Maybe it was the opinion of Warners that it was the most suitable song on the album for radio. ‘Supermanic Soul’ would, in spite of it’s lyrical content, have been a better single.
Beginning with Sabbath sounding doom, ‘Eureka Pile’ contains a three note bassline that holds the song together. For some reason, it reminds me of the Butthole Surfers (it certainly sounds like Al’s doing an impression of Gibby Hayes). It’s a real moody number, a nice contrast to ‘Bad Blood.’
Washam gets to show off his jazz chops with ‘Step’. A stop start riff in the mould of ‘Whole Lotta Rosie’, it has a humorous vocal from Al who plays the role of a burnt out rock star announcing “I like to apologize to all my wonderful fans/For sticking by me through such troubled times/I love all of you so much/I wish I could take you all to the Betty Ford Clinic.”
Barker’s loping bassline ‘Nursing Home’ is the only normal element on show here.
Banjo, saxophone and a redneck style vocal informing us that Al’s ‘tired of living/Too tired to die.’ The chorus of “Not dead yet in the nursing home/I said I’m not dead yet in the nursing home” is quite funny. It’s the best song Revolting Cocks never recorded.
The gothy ‘Kaif’ and the stodgy ‘Vex and Siolence’ strongly hint at Al’s frame of mind, alternately asking “where did the time go” and “If the child slaughtered/Then found later…Crawled out to take a shallow breath and listen/What would it hear?” No wonder a rumour started that he had died.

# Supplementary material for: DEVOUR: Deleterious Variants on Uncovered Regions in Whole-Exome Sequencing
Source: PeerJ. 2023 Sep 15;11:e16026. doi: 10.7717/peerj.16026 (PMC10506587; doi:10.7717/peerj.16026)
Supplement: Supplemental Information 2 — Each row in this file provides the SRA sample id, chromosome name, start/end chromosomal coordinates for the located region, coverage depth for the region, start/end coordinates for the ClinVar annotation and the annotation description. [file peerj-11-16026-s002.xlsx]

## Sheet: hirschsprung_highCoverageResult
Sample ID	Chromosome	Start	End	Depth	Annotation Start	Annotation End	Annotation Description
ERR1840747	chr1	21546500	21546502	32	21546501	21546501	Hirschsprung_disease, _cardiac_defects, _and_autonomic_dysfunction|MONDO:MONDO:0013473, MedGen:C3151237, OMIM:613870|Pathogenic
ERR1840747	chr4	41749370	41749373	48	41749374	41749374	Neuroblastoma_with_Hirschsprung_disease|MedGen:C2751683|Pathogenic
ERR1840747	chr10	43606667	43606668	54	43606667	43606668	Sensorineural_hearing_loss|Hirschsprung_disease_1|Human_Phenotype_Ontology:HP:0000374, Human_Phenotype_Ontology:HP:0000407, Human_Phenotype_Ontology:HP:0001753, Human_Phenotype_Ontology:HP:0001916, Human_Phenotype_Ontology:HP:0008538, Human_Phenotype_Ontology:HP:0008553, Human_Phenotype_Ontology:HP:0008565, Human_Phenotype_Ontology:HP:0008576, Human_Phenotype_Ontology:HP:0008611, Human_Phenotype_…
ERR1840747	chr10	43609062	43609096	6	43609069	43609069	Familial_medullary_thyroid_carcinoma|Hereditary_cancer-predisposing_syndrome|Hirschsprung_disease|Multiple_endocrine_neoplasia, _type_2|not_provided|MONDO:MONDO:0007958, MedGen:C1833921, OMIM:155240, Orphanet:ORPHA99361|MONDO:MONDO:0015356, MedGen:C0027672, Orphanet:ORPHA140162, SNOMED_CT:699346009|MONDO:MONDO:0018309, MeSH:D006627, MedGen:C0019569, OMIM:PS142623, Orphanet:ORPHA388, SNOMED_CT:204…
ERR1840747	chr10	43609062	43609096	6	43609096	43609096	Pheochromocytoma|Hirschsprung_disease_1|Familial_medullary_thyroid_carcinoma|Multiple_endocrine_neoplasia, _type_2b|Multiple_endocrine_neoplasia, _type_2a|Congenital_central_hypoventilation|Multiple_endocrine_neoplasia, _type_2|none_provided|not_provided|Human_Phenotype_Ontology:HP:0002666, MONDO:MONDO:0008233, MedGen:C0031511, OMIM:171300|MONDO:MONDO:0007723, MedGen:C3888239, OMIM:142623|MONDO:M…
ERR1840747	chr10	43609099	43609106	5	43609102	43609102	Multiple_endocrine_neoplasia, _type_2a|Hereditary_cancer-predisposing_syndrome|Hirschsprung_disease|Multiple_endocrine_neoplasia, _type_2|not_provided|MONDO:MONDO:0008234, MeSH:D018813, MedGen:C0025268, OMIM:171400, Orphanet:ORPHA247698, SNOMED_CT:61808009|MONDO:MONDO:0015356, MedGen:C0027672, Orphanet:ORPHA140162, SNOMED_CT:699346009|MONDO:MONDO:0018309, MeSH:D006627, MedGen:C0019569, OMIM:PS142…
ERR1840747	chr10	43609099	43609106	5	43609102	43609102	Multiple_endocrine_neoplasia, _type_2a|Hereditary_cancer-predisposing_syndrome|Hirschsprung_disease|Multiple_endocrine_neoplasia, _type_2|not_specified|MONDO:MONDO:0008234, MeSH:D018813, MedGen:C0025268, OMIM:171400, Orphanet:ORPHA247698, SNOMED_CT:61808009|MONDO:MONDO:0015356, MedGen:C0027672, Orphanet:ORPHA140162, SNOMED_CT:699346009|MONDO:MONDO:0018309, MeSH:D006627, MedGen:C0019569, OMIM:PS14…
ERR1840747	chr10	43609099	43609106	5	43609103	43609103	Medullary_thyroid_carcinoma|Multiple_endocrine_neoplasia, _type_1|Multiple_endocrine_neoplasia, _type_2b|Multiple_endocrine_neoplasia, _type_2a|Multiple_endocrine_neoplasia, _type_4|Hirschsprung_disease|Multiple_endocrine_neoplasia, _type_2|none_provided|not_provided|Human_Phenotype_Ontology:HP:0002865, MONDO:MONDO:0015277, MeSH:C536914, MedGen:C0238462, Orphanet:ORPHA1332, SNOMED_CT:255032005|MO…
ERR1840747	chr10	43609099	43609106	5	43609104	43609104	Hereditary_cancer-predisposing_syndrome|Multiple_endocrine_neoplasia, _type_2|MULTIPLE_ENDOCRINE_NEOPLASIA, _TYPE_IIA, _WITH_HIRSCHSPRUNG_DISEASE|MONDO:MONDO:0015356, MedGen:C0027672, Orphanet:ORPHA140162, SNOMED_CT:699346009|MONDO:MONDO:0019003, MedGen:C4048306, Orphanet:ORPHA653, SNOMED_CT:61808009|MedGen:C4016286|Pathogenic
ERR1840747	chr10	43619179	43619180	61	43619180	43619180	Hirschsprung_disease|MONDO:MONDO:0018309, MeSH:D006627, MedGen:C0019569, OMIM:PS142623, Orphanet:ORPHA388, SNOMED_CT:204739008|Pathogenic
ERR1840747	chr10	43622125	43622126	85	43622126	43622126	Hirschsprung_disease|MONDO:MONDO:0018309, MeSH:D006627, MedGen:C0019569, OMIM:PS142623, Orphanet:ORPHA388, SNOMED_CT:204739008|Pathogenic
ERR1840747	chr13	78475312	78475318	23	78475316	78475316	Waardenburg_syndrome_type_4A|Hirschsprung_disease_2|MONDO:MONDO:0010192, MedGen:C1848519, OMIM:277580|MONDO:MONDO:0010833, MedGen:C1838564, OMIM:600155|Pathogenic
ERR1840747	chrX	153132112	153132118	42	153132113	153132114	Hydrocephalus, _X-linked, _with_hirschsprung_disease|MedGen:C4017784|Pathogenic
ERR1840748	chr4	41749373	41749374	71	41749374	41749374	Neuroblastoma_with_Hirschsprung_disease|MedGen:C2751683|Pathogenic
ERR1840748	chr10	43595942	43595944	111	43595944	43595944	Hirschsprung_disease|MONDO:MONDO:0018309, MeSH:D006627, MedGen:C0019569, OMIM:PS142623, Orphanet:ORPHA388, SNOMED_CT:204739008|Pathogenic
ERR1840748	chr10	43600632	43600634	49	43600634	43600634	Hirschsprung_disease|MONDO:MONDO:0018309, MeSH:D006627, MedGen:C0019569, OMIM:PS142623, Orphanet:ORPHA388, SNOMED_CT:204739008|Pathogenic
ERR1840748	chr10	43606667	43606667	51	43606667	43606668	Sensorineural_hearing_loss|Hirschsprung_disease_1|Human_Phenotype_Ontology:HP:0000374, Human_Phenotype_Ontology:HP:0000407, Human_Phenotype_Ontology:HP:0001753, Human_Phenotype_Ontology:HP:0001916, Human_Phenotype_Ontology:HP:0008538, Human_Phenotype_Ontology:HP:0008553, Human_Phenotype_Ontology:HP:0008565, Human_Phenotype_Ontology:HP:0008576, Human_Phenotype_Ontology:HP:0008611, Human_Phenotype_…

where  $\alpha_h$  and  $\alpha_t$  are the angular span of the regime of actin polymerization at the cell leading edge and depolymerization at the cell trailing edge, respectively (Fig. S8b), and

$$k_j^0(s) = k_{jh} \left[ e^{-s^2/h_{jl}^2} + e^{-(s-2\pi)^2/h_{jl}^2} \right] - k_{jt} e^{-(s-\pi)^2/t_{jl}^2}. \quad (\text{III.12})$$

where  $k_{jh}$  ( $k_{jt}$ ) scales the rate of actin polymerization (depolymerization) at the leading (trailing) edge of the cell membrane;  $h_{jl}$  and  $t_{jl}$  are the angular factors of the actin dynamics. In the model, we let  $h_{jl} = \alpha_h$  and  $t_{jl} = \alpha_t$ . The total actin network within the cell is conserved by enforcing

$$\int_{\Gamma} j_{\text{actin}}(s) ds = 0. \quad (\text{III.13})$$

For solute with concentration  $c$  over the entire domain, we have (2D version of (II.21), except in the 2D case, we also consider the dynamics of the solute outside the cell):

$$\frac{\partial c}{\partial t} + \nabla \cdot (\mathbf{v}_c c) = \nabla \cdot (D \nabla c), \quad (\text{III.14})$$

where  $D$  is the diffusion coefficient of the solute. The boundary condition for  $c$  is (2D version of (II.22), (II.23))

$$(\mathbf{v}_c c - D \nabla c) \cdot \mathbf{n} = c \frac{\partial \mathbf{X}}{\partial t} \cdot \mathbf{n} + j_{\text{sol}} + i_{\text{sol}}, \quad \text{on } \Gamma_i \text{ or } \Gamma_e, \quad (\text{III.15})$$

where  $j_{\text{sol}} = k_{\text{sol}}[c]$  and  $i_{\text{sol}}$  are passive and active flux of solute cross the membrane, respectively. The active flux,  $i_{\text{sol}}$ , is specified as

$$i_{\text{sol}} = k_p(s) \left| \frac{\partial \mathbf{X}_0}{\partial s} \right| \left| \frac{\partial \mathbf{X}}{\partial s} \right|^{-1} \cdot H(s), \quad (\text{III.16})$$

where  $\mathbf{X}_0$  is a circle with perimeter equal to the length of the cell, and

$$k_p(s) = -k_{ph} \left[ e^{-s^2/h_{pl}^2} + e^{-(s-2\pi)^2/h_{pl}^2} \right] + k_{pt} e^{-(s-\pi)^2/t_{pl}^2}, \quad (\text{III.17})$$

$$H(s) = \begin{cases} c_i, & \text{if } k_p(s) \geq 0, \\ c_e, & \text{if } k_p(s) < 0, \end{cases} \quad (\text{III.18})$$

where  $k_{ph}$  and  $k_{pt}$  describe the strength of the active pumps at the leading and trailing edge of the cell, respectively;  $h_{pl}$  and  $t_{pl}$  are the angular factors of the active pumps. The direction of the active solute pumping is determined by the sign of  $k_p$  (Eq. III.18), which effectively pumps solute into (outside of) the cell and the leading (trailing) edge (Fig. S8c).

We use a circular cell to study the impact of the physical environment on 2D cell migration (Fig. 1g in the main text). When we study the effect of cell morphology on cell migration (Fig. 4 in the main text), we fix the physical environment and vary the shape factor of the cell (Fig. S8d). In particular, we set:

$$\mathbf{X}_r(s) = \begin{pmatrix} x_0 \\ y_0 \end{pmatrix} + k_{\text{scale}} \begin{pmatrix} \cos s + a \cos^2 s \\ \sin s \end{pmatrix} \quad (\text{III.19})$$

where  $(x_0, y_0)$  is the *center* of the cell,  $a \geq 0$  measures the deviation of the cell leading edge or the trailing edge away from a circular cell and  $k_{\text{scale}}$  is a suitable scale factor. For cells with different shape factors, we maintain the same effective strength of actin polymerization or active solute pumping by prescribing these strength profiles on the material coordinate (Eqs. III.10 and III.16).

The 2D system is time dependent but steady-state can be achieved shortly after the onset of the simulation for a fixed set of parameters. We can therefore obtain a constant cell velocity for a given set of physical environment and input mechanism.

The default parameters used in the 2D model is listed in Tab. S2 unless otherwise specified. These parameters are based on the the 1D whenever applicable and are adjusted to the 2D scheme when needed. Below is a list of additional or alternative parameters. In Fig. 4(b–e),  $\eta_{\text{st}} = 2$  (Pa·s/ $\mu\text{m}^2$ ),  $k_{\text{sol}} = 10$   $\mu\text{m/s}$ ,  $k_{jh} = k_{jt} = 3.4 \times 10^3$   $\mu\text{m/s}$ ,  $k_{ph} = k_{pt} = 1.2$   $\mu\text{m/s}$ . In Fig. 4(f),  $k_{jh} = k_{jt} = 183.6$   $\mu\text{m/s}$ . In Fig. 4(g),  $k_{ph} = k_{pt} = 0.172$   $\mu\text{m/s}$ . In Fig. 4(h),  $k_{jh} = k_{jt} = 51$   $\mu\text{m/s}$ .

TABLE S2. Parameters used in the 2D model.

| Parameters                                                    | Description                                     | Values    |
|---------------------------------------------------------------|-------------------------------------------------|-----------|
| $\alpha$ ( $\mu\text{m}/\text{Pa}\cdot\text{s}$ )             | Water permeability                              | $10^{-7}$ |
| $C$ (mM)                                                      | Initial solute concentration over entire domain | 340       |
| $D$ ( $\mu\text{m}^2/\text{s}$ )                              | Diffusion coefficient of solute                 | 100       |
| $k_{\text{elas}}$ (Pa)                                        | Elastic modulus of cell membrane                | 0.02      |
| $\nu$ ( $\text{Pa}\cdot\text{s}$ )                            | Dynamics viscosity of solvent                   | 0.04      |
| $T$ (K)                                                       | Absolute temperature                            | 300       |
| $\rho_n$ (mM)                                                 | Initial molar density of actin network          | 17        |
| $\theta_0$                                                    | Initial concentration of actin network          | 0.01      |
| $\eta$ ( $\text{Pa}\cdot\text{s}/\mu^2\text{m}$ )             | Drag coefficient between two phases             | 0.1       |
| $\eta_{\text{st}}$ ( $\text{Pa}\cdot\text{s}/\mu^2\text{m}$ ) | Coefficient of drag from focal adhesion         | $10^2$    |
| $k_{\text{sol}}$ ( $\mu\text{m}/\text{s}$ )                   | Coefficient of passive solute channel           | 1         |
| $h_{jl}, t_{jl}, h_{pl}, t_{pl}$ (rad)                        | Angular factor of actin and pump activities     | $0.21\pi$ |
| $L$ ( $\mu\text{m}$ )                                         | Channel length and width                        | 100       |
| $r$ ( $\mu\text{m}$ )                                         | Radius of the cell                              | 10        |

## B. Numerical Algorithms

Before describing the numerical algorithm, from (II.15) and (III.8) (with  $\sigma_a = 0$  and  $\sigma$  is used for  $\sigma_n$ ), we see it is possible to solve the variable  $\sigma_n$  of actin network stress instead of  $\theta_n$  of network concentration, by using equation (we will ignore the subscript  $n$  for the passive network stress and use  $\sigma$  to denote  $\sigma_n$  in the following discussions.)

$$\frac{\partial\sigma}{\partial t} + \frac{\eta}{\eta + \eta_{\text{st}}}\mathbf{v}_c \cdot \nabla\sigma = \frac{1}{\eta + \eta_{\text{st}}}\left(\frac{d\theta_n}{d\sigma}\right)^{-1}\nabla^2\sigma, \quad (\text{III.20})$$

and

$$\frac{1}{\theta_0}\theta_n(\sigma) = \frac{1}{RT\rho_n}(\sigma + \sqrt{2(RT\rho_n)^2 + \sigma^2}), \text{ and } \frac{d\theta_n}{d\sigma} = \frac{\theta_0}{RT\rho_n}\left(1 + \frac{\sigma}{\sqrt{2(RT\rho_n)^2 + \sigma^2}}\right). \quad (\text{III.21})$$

Closer ’10/10′ has a ZZ Top style groove and some saxophone in the vein of Charles Mingus. As a fuck you to the times, it couldn’t be more blatant about it’s influences.
By all accounts, it was a difficult album to make: Barker claimed that a first attempt was scrapped for not being up to standards. Former guitarist William Tucker committed suicide during the mixing, casting an even darker mood over proceedings.
Finally, when it came to promoting the record, Al left that in Barker’s hands.
Reviews were mainly negative, the general feeling was that, while it was interesting to hear Ministry branch their sound out, the album was an exercise in self indulgence and irrelevant to modern metal fans bouncing around to Limp Bizkit and Korn, while Marilyn Manson and Rob Zombie was perceived as having superseded Ministry in the minds of industrial metal fans.
The tour for the album was much shorter than previous tours (the UK got two dates, one in London at the Astoria and a third from bottom slot at the Big Day Out in Milton Keynes) and a 28 day slot at Ozzfest was cancelled the next year.
All of this contributed to a feeling of a band being on it’s last legs, and Al later admitted that if it hadn’t have been for an appearance in the film ‘A.I’, Ministry would have been finished in 2001.
Arguably, it’s the last great album that Ministry put out.
With the backing of a major label, they were free to be as indulgent and as experimental as they wanted. Subsequent albums would see them on smaller labels, and a return to thrash (but without the experimental edges).
Some were great (‘Animositisomina’, ‘Rio Grande Blood’), some not so much.
But when you consider that Al once stated that the band could do a thrash album with their eyes closed, they’re disappointing comedowns from their heydays.
Remember them this way.
– Christopher Owens ::: 11/10/15